Central to the vulnerability of MDWs to abuse and exploitation in Lebanon is the Kafala system. The Kafala system is a legal framework that “governs the entry, residence and work of domestic migrant workers in Lebanon”. Otherwise known as the sponsorship system, this framework entails “a collection of laws, decrees, ministerial decisions, regulations and customary practices”. One such law is order 319 that regulates the status of foreign nationals in Lebanon. Article 6 of this law stipulates that before entering the country, foreign nationals wishing to pursue work in Lebanon have to obtain an entry visa along with authorisation to work from the Ministry of Labour which in turn requires sponsorship from a prospective employer. After arrival, their employer is responsible for issuing and renewing the worker’s work and residence permits. This means that a worker’s immigration status is always tied to a single employer for the duration of their contract. Under the Kafala system, responsibility over the worker is relegated from the state to the employer meaning that without their permission, the employee cannot change jobs, leave the place of work or the country severely curtailing their freedom of movement and labour. This is also evident in the customary practice by General Security where the worker cannot leave the airport without being accompanied by their employer as well as having their passport confiscated and handed to the employer.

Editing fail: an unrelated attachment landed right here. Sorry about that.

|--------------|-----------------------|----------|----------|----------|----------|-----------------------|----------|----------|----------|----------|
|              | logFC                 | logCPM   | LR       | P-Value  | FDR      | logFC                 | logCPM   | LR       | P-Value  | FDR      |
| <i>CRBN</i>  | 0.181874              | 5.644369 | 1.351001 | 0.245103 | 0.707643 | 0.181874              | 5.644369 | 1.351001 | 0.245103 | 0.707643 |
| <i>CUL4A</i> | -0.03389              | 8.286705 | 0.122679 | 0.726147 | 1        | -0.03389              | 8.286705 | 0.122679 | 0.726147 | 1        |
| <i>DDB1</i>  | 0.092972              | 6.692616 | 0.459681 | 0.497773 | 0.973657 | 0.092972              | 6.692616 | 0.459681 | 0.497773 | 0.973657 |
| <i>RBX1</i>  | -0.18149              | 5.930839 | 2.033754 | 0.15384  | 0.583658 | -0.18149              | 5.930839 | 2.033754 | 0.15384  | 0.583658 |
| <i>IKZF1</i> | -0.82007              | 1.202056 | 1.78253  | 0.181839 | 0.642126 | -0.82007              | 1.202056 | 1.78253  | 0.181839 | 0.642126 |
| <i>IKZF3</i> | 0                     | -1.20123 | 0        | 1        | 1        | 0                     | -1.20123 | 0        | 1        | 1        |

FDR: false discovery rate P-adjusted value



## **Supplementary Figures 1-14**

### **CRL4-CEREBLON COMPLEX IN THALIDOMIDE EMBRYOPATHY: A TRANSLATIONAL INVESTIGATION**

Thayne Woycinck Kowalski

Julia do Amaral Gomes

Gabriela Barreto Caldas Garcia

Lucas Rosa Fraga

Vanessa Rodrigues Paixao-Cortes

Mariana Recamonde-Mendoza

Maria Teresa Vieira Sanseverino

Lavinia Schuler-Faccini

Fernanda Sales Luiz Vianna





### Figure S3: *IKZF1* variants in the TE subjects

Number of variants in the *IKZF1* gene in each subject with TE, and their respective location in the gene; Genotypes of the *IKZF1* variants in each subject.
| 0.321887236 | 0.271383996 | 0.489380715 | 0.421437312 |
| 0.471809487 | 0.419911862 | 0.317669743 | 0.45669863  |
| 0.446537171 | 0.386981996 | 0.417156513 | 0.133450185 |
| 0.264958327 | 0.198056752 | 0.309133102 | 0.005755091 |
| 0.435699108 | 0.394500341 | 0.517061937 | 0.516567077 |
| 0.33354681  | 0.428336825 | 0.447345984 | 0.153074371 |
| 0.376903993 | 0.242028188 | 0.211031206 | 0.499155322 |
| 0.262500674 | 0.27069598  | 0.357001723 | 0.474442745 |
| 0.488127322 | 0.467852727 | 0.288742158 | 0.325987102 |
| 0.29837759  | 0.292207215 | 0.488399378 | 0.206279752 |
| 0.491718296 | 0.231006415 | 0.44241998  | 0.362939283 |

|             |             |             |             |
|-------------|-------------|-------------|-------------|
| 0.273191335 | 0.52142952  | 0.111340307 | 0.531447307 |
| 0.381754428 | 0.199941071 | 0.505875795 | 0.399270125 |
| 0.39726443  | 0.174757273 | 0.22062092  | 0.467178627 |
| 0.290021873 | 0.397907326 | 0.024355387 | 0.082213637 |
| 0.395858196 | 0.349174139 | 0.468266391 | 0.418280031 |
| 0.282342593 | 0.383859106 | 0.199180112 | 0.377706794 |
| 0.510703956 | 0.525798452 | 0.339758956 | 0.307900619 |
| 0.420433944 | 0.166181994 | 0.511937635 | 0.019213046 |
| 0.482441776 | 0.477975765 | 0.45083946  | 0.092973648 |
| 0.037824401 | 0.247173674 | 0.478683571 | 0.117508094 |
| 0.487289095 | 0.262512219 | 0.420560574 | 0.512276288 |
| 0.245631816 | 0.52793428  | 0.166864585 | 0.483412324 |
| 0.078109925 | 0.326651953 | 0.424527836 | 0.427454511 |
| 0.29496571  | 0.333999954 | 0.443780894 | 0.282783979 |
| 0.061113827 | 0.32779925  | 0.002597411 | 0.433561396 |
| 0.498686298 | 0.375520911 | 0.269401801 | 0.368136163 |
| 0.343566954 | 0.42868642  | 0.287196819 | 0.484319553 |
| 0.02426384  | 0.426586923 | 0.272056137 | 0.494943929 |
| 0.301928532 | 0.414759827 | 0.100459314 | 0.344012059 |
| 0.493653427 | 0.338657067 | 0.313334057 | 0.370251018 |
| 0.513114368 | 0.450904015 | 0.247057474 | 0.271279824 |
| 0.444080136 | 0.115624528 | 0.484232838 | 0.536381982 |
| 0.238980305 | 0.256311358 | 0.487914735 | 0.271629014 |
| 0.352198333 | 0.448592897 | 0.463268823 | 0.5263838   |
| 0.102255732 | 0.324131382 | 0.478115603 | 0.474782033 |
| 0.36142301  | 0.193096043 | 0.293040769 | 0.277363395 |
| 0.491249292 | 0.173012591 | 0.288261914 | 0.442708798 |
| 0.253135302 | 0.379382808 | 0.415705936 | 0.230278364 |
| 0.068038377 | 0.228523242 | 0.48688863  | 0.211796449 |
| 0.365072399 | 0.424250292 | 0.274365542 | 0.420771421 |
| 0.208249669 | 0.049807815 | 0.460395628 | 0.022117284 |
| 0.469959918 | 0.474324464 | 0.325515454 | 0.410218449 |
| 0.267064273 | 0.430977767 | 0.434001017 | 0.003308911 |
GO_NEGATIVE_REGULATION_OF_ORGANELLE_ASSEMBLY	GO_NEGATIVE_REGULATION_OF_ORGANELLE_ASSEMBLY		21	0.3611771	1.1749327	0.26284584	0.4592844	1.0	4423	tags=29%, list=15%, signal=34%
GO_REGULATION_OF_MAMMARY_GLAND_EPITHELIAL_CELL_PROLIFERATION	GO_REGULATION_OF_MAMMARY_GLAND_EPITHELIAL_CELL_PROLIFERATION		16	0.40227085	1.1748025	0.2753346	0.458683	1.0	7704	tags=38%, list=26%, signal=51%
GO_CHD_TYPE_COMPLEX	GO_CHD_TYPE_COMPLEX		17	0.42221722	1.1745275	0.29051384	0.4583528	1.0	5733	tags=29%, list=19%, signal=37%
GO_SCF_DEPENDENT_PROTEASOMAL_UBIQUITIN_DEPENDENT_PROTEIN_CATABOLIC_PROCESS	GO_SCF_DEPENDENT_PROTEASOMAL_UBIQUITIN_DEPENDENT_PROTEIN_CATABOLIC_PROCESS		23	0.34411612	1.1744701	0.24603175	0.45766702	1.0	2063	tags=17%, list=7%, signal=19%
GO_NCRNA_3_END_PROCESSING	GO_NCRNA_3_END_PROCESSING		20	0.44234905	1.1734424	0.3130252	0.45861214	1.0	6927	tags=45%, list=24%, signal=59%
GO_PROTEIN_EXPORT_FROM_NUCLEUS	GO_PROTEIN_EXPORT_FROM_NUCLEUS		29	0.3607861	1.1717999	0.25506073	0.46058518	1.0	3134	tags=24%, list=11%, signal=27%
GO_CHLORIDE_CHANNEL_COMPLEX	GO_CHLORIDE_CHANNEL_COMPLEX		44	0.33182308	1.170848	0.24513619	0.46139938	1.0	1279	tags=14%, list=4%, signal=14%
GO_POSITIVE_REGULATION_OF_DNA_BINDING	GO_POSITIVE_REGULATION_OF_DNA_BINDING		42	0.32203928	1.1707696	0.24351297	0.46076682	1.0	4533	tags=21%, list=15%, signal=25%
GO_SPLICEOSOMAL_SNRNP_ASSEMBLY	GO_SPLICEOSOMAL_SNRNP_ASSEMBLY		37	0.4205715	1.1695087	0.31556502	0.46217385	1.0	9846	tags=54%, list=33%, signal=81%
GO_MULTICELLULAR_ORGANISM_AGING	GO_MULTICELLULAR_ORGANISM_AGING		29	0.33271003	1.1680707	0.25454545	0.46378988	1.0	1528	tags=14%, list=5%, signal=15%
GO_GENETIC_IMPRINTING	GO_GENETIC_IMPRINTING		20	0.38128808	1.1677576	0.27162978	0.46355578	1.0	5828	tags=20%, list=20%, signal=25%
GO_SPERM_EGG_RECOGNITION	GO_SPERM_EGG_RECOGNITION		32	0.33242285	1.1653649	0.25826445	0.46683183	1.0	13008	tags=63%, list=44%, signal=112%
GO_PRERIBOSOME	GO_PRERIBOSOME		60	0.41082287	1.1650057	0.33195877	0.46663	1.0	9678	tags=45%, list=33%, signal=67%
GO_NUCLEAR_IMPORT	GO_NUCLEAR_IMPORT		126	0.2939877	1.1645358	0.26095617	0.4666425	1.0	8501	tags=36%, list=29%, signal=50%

In some cases, MDWs have reported that they had to stay in the airport for hours and even days without adequate food and accommodation while waiting for their employer to pick them up. Further to the sponsorship system which empowers employers with an enormous amount of power over the living and working conditions of MDWs, article 7 of the Lebanese Labour code excludes all domestic workers including MDWs. The exclusion of MDWs results in depriving these workers of the most basic rights enshrined in the Labour Law and others imposed by international labour conventions, such as the minimum wage, set working hours, paid annual leave, health and safety regulations, recourse to arbitration councils, etc. The kafala system and these legal exclusions means that the receiving governments can continue to rely on cheap foreign labour, instead of providing adequate welfare services, while failing to engage with migrant workers as fully embedded relational subjects of rights.
If we were to take the view that the law is “a patchwork of politically motivated choices selected on their ability to maintain status quo of power relations” then the Kafala governance and the legal exclusions of MDWs are a reflection of how gender is still used to dominate, oppress and discriminate against women and even more so racialised and classed women.